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Serm. without any means of defending itfelf, pre* ferving its rights, or protecting its inhabitants: Juft fo is the man in whom reafon and confcience have loft their force, and no more maintain their dominion over the lower affections; he is a prey to every temptation* having no defence againft it ^ fierce paffions, with an impetuous fury, drive him (and he hath no power to refift them) juft as fhips are driven by a tempeft. In this cafe it is impoffible to attain to wifdom or virtue, and to maka any progrefs in if, for it is the beft exercife of reafon. Religion is a reafonable fervice, and liberty is effentially neceflary to it; for without willingnefs, or a free choice (every one is fenfible) there can be no fuch thing as religion or virtue. Though we may very well conceive moral goodnefs, indeed, the moft perfect, without what Solomon calleth rule over our own fpirit, or a maftery over paffions and other infirmities; becaufe there is no fuch thing, no affections or difpofitions of a contrary tendency in the moft perfect being; nor doth goodnefs neceffarily include it: Yet in the imperfect ftate of the human nature, the meafure of virtue dependeth on, and is proportionate to the degree of our conqueft over the frailties, the felfifh affections and pafi .? fions
fio;is of our own minds; and it may be S E R M. juftly faid, not only that rule over the fpirit hath a connedtion with wifdom in the moral .and religious fenfe, but that it is the very thing itfelf. . .
.This, my brethren, giveth us juft occafion to' confider with regret the degeneracy of mankind; Solomon faith, Ecclef. vii. 29. That God made man upright, but they have fought cut many inventions. The integrity of our nature confifteth in the dominion of the fu"perior powers, and "the fubordination pf the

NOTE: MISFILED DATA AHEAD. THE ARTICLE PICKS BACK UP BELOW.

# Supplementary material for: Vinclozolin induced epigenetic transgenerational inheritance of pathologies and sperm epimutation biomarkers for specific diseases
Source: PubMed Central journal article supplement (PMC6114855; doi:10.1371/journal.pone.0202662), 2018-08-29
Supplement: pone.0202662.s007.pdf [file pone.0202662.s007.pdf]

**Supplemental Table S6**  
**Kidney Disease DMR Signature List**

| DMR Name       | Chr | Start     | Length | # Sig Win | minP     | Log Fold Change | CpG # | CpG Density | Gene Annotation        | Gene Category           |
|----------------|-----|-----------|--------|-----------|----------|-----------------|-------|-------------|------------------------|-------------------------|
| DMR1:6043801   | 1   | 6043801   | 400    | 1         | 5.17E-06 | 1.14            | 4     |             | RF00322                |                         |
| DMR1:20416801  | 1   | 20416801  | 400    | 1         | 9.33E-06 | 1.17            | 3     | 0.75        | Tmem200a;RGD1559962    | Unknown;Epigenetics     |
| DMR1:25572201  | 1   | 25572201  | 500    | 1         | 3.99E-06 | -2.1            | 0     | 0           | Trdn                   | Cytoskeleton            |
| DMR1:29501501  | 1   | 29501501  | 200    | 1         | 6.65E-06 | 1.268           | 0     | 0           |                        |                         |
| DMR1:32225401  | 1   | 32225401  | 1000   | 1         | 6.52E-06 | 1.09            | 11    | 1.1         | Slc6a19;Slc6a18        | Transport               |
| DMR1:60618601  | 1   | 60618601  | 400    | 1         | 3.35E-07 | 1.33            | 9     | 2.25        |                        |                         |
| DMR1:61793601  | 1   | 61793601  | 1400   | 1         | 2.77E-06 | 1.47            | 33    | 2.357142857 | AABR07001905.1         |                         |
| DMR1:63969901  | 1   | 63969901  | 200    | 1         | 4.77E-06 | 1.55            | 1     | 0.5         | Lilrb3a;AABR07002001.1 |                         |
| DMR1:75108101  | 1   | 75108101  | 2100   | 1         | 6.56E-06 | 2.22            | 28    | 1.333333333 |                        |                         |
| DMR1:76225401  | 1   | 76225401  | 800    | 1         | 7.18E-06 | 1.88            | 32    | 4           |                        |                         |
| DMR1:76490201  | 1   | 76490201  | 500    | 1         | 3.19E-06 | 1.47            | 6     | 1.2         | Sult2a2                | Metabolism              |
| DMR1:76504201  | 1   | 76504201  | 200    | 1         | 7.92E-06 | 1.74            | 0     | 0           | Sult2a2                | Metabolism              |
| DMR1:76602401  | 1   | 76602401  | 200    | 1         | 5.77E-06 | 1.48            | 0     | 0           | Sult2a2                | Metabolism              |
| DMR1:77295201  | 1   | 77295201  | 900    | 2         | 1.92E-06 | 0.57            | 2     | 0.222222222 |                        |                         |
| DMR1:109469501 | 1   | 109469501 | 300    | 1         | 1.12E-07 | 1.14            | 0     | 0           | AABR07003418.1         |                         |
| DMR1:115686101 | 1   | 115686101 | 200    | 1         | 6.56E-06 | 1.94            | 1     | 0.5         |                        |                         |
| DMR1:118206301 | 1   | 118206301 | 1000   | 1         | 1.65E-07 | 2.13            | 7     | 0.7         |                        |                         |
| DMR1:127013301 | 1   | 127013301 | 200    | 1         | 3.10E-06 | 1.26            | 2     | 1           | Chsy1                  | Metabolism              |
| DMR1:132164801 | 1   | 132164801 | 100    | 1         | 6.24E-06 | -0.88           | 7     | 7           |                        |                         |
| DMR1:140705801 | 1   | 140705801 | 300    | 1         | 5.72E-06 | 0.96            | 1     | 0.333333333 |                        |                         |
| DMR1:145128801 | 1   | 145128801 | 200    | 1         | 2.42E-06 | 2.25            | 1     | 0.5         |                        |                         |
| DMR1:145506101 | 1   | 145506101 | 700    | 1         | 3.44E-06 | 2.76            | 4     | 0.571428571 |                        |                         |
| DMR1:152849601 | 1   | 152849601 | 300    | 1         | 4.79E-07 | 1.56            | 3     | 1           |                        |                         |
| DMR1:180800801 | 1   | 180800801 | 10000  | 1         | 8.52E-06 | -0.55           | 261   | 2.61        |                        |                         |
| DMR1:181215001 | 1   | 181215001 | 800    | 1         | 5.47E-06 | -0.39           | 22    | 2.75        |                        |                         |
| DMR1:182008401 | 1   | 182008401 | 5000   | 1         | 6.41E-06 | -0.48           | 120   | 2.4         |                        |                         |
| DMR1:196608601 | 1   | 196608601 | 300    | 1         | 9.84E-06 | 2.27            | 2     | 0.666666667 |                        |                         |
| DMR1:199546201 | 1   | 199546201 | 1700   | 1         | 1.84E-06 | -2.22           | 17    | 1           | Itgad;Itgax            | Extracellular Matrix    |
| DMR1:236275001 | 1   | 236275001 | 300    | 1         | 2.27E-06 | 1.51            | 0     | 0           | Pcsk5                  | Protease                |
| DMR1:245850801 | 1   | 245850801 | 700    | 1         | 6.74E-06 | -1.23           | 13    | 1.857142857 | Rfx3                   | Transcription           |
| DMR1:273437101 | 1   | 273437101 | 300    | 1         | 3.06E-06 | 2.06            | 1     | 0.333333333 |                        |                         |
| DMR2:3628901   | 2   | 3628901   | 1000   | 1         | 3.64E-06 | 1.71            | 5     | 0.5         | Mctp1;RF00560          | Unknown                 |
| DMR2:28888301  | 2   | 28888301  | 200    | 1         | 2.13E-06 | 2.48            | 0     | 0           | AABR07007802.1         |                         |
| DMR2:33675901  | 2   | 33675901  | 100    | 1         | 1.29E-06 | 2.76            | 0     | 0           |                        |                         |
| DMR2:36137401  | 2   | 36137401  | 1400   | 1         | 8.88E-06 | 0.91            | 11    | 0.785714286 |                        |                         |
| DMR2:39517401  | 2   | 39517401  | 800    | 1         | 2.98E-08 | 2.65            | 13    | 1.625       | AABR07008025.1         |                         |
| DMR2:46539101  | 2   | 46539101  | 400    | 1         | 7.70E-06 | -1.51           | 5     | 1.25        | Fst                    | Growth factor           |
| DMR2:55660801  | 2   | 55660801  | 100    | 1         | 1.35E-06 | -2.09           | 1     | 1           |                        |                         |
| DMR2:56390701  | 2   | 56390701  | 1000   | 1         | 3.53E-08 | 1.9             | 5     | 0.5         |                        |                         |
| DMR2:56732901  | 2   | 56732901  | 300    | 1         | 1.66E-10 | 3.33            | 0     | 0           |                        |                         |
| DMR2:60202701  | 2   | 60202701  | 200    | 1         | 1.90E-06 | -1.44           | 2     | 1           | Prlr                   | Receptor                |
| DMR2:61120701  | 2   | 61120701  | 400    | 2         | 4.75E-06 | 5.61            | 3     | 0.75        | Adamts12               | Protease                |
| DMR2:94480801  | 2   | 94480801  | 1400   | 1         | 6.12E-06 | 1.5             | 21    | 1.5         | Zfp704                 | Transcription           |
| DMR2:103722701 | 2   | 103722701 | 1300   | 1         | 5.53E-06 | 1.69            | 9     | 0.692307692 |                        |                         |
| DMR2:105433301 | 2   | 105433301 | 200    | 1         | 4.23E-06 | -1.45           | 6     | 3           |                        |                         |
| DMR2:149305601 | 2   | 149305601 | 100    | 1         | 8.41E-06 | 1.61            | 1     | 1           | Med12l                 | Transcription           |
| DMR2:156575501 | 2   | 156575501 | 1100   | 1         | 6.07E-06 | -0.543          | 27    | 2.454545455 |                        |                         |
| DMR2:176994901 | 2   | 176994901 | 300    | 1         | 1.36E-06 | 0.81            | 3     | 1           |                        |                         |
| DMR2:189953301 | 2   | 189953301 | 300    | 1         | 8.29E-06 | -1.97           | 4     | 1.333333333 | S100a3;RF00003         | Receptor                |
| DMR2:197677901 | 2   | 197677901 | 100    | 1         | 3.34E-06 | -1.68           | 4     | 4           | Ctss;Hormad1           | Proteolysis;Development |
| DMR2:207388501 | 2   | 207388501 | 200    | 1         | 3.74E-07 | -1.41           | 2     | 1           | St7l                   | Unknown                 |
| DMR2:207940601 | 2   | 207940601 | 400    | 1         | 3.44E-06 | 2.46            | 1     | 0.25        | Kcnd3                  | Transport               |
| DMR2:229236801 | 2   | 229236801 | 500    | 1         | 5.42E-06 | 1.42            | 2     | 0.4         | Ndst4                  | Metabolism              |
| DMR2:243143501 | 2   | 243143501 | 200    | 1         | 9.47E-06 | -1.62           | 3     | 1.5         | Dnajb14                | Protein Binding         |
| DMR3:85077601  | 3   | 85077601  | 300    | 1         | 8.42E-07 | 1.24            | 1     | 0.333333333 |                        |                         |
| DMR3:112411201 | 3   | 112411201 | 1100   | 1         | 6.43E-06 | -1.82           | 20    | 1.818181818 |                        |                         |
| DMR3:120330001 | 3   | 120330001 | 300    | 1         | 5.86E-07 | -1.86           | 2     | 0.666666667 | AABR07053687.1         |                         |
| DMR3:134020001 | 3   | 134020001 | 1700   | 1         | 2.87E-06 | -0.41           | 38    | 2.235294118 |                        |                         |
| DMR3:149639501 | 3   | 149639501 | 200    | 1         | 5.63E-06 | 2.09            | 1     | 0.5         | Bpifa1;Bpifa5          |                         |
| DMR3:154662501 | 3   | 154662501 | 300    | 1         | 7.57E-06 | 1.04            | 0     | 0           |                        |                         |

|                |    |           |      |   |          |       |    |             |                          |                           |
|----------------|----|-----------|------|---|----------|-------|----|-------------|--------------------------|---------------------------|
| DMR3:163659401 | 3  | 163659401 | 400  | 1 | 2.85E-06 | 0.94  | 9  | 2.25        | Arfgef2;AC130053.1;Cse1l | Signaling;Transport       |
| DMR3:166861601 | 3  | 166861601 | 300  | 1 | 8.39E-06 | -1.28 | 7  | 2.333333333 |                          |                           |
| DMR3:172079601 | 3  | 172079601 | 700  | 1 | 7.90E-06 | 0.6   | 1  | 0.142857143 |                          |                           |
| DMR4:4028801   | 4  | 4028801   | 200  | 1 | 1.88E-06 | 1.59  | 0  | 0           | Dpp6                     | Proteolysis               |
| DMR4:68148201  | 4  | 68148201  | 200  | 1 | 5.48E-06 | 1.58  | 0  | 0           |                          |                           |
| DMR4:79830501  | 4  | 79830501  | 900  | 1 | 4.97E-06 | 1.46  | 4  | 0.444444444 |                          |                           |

i 1 'f • M*""T
appetites and paffions to them; but it is derformed when, on the contrary, the lower Affections get the afcendant, and reafqn arid qDnfclence are dethroned, which experience
"£s well as the fcripture meweth to be the unhappy cafe of finners who are difobedient, and deceived, ferving divers lufts and plea
Jur^S, the brutal part ruleth over the man.; paffions .indulged becpme untra£table and impetuous; and cuftom in finning is a principle ftrong as nature itfelf. The prophet reprefenteth the difficulty of reforming habitually vicious and wicked met*, by comparing it tqa natural impoffibilfty; Jer. xiii. 23. Can tie Ethiopian change bis Jkin, or the leopard his Jpats, then may ye aljo do gaod who are aecujiomed to do'
nets. To encourage and animate us in fhak- S E R M« ing off the yoke of fin, and returning to God, the hope of forgivenefs is confirmed by the facrifice of Chrifl's death, in whom God hath declared himfelf well pleafed, and reconciled to finners who obey the gofpel; and the fpirit is promifed and given to help our infir
jnhies, and where the fpirit of the Lord ?s9 there is liberty, 2 Cor. iii. 17. The tendency of his affiftance and operations, and of the whole chriftian miniftration, is to refcue finners from the moft reproachful and painful bondage of fin,. and teach them to rule over themfelves, to deny felf, not reafon and confcience, the power of which is re-eftablimed by the miniftration of the Spirit, but the extravagancies of paffion, and the irregular de
, (ires of the fle'fh and of the mind. Let us, therefore,.f;avingfo great encouragement, be .prevailed with to ufe our beft endeavours that we may more and more underftand and accuftom ourfelves to this difcipline, that fo ipaking conftant proficiency in wifdom, we
. may enjoy the fruits of it here in pleafantnefs and peace, and have the aflured hopes of the
( reward which God hath promifed hereafter
.. to the wife,.Dan. xii. 3. That they JhallJhine as the bright nefs of the firmament, not in outward fplendor, but true fubfhntial glory.
5 S E R
The Proud and Scornful incapable of attaining to WISDOM.
PROVERBS XIV. 6.
. A J"corner feeketb wifdom, andfindetb it not.
Serm. TF wifdom or religious virtue be the noA blefl accomplifhment of the human nature, moft fuitable to fuch beings as we are, in itfelf tranfcendently excellent, and upon a comparifon far more valuable than all we can defire in this world; if it will afford the trueft and moft fubftantial pleafures to our "minds while we live here, and the beft pro.fpect of future felicity in the enjoyment of the divine favour, yet without any real difadvantage to our prefent; outward intereft; all which I have endeavoured to fhew in difcourfing from feveral paflages in this book: If, I fay, it be fo, then certainly they who are convinced of this, mould, ufe their utmoft endeavours in the conftant purfuit of wifdom; they fiiould refolutely thwart every